If you are in a relationship, have a family or own a property, the chances are you have already made a Will. As any accountant would tell you, it’s the prudent thing to do and it makes absolute financial sense; after all, wouldn’t you want the peace of mind of knowing that your assets will go those you love most after your death? Now, you would assume that those people who were savvy enough to make a personal Will would also do the same for their businesses. Yet, it appears that isn’t necessarily the case. According to a recent study by Legal & General more than half of Britain’s small business owners have left no instructions in their Will or made any special arrangements regarding shares.
What information was revealed by the Legal & General study?
The Legal & General’s ‘State of the Nation’s SMEs’ report surveyed over 800 small and medium-sized businesses (SMEs). Its findings revealed that as well as the 51 per cent of SMEs failing to leave instructions relating to shares on the death of one of the directors: only 41 per cent of small businesses had a shareholders’ agreement and, shockingly, only 33 per cent had bothered to look in their arrangements at all since the business was originally launched.
The survey also found that only roughly 25 per cent of shareholders would buy the shares left following the death of a fellow shareholder, with over half stating they would have to rely on their personal wealth to do this. 21 per cent of SME owners said they thought their beneficiaries would inherit and become active in the business, while 16 per cent said they would consider selling their shares to a third party.
Addressing the issues raised by the survey, Richard Kateley, Head of Intermediary Development at Legal & General, said:
“For those established SMEs that have a presence in their chosen market, the death of a business owner can be hugely significant should there be no plan in place or an arrangement regarding company shares.”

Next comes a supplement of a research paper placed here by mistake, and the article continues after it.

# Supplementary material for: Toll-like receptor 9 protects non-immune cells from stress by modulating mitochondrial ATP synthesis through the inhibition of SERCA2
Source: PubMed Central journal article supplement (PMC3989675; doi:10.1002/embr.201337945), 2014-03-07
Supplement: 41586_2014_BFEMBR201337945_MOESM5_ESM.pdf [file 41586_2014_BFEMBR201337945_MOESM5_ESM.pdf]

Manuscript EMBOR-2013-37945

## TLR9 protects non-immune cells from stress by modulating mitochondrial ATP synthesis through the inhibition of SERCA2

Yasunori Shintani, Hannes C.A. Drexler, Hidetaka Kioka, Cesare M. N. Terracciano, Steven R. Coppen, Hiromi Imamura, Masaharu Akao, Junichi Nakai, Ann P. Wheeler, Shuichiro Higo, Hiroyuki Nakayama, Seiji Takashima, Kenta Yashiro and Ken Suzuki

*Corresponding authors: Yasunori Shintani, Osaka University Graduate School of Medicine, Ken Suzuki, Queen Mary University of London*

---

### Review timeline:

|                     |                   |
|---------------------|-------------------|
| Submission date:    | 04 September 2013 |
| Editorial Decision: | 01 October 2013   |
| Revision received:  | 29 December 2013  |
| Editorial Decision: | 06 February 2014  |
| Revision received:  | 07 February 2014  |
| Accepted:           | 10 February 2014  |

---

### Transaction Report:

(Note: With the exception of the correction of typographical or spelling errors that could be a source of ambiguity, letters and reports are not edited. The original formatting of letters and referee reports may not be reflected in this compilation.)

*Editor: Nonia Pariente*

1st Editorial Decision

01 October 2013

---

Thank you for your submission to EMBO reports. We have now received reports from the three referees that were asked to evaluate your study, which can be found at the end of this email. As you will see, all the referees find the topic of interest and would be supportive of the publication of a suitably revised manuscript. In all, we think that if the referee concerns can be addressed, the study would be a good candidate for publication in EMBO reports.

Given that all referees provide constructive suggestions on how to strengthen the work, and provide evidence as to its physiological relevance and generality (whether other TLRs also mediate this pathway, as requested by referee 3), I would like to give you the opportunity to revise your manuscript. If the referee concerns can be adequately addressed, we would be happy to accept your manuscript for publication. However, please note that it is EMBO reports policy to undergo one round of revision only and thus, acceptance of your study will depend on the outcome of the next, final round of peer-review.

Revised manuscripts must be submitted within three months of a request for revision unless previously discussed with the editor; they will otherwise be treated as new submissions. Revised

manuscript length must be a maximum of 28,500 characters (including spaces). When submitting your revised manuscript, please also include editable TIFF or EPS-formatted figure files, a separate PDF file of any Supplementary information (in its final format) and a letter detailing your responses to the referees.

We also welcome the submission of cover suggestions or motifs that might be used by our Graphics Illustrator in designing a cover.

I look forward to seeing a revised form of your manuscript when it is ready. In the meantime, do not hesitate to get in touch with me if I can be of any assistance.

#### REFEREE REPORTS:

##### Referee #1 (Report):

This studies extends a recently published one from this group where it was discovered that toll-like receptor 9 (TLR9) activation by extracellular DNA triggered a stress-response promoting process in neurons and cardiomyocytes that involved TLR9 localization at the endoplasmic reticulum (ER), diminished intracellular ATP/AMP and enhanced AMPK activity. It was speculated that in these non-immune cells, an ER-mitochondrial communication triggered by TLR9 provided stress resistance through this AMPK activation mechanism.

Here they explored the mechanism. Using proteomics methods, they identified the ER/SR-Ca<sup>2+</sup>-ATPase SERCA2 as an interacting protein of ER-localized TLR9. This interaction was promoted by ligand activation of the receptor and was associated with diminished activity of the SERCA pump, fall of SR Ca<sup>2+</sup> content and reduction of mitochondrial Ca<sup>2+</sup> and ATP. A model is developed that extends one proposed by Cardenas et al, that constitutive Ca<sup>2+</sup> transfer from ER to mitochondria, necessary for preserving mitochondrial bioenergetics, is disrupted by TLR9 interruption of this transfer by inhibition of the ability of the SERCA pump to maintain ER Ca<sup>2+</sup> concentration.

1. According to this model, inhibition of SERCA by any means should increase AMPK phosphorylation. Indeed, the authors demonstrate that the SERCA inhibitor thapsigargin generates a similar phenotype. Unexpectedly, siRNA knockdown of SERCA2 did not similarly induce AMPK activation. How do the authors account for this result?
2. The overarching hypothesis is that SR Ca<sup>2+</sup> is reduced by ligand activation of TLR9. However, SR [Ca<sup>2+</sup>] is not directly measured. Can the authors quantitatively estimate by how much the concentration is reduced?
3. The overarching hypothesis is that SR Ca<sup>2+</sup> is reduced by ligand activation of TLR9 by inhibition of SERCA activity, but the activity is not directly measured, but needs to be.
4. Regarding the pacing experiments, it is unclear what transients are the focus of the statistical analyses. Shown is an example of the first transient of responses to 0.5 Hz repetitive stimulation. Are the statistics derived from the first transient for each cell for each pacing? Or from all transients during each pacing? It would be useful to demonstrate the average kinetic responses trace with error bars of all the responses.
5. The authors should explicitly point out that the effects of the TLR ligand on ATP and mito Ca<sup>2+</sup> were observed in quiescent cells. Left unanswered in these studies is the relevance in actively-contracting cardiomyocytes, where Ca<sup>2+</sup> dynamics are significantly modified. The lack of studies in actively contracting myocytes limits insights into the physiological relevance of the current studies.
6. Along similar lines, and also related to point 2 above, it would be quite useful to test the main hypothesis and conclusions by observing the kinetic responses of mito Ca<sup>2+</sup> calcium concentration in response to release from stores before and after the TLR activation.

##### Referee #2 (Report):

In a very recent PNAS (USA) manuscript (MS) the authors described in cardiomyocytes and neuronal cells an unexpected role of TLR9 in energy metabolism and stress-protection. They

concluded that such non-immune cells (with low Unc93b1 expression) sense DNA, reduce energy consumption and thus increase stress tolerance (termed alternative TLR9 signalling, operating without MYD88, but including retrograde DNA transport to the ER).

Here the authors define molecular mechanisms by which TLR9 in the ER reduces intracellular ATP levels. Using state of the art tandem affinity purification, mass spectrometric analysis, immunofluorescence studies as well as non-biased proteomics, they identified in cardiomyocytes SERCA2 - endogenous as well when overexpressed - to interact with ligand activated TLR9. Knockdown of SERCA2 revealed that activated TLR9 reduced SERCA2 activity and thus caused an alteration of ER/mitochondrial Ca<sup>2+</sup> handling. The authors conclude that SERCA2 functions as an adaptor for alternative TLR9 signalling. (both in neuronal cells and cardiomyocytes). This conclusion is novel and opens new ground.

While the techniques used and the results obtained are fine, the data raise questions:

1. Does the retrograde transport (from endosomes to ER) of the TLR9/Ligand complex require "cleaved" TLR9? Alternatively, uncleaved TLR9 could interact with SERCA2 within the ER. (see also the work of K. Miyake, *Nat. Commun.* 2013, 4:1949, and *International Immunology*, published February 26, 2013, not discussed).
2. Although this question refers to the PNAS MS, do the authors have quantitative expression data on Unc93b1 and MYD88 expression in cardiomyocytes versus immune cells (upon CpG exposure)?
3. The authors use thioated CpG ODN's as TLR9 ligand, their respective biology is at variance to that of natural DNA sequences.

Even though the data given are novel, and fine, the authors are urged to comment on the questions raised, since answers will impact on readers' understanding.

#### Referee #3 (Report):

“This could lead not only to shares being tied up in probate, paralysing an SME’s operations if this was a majority share, but could see the beneficiaries of these shares becoming involved in the business, whether or not they have any aptitude. Or, in the worst-case scenario, selling those shares to a competitor meaning the surviving owners losing control of their business.”
Is there anything SMEs owners can do to avoid these problems?
SME owners can purchase share protection insurance, which could allow a business to buy back the shares through a lump-sum pay-out, avoiding the impact of shares being tied up in probate. However, the survey found that this wasn’t an option for many smaller companies. The survey found that only 36 per cent of SMEs with a worth of over £5 million did not have share protection insurance in place.
Fewer than 20 per cent of the businesses surveyed had even considered how a life policy could help them, and that is something Richard Kateley believes is vitally important:
“Many business owners see their business as a way to fund their retirement. The death of an owner could not only put their family’s financial wellbeing at risk, but equally their fellow owners due to the impact on the business. A simple Shareholder Protection agreement can help to protect the owners from a situation like this, as well as help the business stay in the right hands and flourish.
He urged accountants, financial advisers and solicitors with clients owning established SMEs to speak about the risks of leaving shares unprotected:
“Whether they need to consider revising their current arrangements, or implement a protection plan to help them buy back shares, you’re well positioned to provide advice should the worst happen.”
If you are worried about the long-term future of your SME, or are concerned by any of the issues raised in this article, speak to Steven Glicher accountants. For further information on business planning call Steven Glicher accountants 0161 485 8007 or email email@example.com.